EDITOR: | June 3rd, 2016 | 4 Comments

Silver’s cleantech appeal burnished by solar power boom

| June 03, 2016 | 4 Comments
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If you think about silver these days, you have to build into that thinking the metal’s growing role as a cleantech metal – and that’s mainly due to the solar industry, which stands out in a slackening global economy as one of the more exciting metal growth stories.

A few months ago the gold:silver price ratio was at 1:85, historically on the high side (it was once 1:16). Now it is 1:76. So gold is 76 times more valuable per ounce than silver yet there are only nine ounces of silver mined for every one ounce of gold pulled out of the ground. And with silver’s growing industrial uses, that production equation must at some stage begin to affect the price ratio – although few would go so far as to predict $140/oz by 2019 (compared to $16 as I write this), as one Canadian mining CEO did last week.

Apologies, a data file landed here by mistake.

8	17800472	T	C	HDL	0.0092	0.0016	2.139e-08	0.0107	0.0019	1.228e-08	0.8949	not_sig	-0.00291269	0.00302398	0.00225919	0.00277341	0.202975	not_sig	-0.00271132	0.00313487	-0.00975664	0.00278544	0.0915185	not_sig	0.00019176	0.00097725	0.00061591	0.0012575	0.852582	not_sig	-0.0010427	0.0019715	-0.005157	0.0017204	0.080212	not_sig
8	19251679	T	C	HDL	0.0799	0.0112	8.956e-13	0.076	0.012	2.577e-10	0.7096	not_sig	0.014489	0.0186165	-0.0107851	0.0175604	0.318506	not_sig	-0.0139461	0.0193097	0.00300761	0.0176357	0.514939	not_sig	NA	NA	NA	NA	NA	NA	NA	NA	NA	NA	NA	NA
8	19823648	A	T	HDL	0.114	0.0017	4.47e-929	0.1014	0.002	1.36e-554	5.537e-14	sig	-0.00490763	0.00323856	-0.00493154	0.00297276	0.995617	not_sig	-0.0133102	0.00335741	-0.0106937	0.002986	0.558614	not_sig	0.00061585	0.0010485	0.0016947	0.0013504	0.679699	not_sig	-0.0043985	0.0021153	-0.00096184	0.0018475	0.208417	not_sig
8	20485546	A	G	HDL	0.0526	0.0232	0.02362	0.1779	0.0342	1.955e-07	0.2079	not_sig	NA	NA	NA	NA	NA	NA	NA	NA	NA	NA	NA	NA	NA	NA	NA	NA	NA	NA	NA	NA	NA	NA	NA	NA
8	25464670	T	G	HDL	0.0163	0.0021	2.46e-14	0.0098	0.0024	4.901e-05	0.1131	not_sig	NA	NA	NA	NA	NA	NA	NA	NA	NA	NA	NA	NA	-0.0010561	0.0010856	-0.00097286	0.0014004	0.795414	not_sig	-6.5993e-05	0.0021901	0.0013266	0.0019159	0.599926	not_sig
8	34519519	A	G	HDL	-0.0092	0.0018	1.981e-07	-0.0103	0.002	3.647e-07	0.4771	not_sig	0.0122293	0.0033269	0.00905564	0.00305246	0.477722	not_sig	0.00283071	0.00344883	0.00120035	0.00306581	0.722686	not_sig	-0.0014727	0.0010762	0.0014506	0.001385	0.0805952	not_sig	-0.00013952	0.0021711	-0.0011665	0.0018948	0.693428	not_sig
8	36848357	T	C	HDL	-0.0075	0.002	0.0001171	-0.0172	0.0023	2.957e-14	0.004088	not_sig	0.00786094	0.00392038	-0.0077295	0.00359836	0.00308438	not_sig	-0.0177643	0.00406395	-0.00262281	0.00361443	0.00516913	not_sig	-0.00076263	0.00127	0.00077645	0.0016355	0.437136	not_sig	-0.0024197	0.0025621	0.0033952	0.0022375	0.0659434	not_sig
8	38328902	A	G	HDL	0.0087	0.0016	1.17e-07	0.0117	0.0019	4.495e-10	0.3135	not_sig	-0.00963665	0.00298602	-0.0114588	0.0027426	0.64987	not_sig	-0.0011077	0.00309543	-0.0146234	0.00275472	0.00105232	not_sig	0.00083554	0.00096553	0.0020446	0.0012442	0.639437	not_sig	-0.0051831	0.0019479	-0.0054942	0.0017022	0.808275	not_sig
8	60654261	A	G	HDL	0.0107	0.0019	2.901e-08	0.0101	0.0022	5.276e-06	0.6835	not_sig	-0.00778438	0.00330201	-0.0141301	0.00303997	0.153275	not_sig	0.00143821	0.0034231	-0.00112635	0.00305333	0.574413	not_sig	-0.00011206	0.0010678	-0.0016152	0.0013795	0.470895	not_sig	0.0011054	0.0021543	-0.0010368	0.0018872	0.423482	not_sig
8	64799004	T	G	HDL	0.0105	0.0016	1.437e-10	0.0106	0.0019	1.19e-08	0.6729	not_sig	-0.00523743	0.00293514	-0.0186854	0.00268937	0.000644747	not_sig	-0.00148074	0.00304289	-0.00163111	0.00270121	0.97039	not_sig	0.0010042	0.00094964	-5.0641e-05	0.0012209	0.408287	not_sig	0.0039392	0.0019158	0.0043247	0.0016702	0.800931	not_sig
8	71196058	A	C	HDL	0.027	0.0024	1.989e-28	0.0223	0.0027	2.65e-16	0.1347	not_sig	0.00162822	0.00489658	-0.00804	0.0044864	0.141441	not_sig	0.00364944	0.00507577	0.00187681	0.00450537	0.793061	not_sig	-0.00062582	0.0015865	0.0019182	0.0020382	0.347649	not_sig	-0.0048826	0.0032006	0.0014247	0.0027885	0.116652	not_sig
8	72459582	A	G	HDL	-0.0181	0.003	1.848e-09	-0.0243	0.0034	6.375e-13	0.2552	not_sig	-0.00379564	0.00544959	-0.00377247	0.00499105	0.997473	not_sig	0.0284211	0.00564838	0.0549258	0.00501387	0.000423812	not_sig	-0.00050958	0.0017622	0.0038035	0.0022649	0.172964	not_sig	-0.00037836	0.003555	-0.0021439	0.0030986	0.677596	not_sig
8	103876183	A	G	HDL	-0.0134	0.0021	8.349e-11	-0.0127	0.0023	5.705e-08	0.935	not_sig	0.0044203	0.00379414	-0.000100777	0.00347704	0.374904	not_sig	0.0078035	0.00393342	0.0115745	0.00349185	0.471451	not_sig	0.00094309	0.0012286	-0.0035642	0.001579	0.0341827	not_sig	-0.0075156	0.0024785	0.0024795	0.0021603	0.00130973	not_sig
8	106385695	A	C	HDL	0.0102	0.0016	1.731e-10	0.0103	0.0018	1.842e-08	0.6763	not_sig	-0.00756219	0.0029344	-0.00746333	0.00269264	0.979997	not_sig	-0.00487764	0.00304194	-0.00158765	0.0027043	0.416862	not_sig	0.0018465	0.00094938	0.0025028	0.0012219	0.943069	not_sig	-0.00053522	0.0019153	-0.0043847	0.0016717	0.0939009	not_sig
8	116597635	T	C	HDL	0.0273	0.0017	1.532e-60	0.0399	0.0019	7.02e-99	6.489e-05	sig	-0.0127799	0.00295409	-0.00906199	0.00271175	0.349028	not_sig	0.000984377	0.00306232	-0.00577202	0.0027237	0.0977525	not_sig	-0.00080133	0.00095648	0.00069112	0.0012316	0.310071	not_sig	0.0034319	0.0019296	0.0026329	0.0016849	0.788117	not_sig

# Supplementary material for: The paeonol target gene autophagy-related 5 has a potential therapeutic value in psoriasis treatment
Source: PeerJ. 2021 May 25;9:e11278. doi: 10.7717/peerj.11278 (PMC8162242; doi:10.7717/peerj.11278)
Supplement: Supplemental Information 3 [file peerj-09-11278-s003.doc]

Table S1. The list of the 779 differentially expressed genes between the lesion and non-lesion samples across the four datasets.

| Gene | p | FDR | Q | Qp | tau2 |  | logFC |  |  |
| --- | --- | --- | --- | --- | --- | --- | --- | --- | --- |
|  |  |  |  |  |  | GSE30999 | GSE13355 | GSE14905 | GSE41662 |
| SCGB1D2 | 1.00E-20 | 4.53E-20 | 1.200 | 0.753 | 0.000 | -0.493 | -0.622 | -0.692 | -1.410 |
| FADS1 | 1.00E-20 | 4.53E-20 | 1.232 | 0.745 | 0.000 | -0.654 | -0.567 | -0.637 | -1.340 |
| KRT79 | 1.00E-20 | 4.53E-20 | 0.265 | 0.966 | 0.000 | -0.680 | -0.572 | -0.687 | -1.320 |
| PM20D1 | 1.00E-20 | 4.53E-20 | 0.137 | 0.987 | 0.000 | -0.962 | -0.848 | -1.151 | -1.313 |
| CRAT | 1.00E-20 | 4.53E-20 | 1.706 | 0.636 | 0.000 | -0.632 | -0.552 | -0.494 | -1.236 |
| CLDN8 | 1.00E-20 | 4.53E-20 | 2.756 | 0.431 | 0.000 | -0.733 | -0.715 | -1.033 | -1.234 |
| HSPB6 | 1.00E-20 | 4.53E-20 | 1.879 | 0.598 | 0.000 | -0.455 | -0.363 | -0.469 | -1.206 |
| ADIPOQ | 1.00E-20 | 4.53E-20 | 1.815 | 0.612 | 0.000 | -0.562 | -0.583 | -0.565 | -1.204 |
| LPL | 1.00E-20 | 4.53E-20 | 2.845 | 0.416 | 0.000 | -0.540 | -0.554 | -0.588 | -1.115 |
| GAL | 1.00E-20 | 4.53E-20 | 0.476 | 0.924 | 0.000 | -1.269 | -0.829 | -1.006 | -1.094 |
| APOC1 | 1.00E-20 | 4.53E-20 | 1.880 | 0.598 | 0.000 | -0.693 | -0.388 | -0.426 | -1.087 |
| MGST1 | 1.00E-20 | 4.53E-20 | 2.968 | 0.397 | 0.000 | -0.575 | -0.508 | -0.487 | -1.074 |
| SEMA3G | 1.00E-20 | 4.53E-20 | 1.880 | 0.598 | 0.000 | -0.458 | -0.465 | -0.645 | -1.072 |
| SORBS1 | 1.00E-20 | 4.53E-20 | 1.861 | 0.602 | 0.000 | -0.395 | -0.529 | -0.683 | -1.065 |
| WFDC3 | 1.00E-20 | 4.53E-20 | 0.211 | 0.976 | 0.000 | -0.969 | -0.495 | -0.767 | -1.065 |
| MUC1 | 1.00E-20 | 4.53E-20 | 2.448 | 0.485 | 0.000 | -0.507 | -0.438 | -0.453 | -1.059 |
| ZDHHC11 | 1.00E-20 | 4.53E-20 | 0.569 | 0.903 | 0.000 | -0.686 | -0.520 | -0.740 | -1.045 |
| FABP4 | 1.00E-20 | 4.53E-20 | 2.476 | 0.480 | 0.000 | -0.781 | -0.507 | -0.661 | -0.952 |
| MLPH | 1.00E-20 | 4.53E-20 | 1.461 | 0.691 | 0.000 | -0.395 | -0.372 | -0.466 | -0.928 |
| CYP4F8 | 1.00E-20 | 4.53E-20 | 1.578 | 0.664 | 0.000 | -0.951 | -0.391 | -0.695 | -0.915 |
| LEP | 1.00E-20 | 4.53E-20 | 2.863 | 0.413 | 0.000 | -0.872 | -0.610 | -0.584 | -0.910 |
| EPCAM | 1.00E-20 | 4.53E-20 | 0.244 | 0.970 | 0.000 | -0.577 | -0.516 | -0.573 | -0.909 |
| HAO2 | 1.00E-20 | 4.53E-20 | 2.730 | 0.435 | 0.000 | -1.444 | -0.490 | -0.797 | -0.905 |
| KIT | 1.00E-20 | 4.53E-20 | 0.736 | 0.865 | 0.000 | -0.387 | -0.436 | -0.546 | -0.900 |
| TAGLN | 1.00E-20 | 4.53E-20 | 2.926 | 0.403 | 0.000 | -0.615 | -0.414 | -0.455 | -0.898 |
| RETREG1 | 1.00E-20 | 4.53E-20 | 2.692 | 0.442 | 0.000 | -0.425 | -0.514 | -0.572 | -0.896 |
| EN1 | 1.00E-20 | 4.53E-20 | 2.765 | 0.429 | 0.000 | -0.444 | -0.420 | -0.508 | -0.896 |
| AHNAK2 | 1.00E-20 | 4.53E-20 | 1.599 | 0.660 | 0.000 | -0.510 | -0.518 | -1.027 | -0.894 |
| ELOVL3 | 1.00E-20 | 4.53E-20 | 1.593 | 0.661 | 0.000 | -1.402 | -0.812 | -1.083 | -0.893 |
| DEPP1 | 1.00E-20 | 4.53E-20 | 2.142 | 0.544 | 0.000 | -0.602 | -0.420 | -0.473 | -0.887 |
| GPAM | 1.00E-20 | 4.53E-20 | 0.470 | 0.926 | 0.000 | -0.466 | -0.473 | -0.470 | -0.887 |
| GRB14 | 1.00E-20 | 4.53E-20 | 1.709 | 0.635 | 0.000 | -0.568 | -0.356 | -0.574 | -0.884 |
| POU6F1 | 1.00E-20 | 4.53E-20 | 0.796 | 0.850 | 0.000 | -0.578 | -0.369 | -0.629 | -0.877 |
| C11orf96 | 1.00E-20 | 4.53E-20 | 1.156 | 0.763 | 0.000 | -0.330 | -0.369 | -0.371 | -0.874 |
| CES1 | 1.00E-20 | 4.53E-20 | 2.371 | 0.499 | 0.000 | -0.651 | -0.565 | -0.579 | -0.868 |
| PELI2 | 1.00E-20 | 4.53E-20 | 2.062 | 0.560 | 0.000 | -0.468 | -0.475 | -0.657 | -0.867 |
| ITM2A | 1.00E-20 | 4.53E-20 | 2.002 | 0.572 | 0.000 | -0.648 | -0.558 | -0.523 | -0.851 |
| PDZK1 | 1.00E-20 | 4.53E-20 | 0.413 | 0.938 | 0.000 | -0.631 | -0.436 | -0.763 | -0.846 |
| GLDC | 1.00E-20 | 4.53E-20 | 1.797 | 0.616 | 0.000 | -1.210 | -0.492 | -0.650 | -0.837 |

Keith Neumeyer of First Majestic Silver Corp, in making that prediction, did present an interesting argument: the planet is being electrified (electric cars, solar panels) and silver is the most electrically conductive material on the planet other than gold – and gold is too expensive to use in circuit boards and car batteries.

But is it solar panels that have got some investors excited about silver. Silver is a precious metal, and an industrial metal, a technology metal – and, now, a cleantech metal.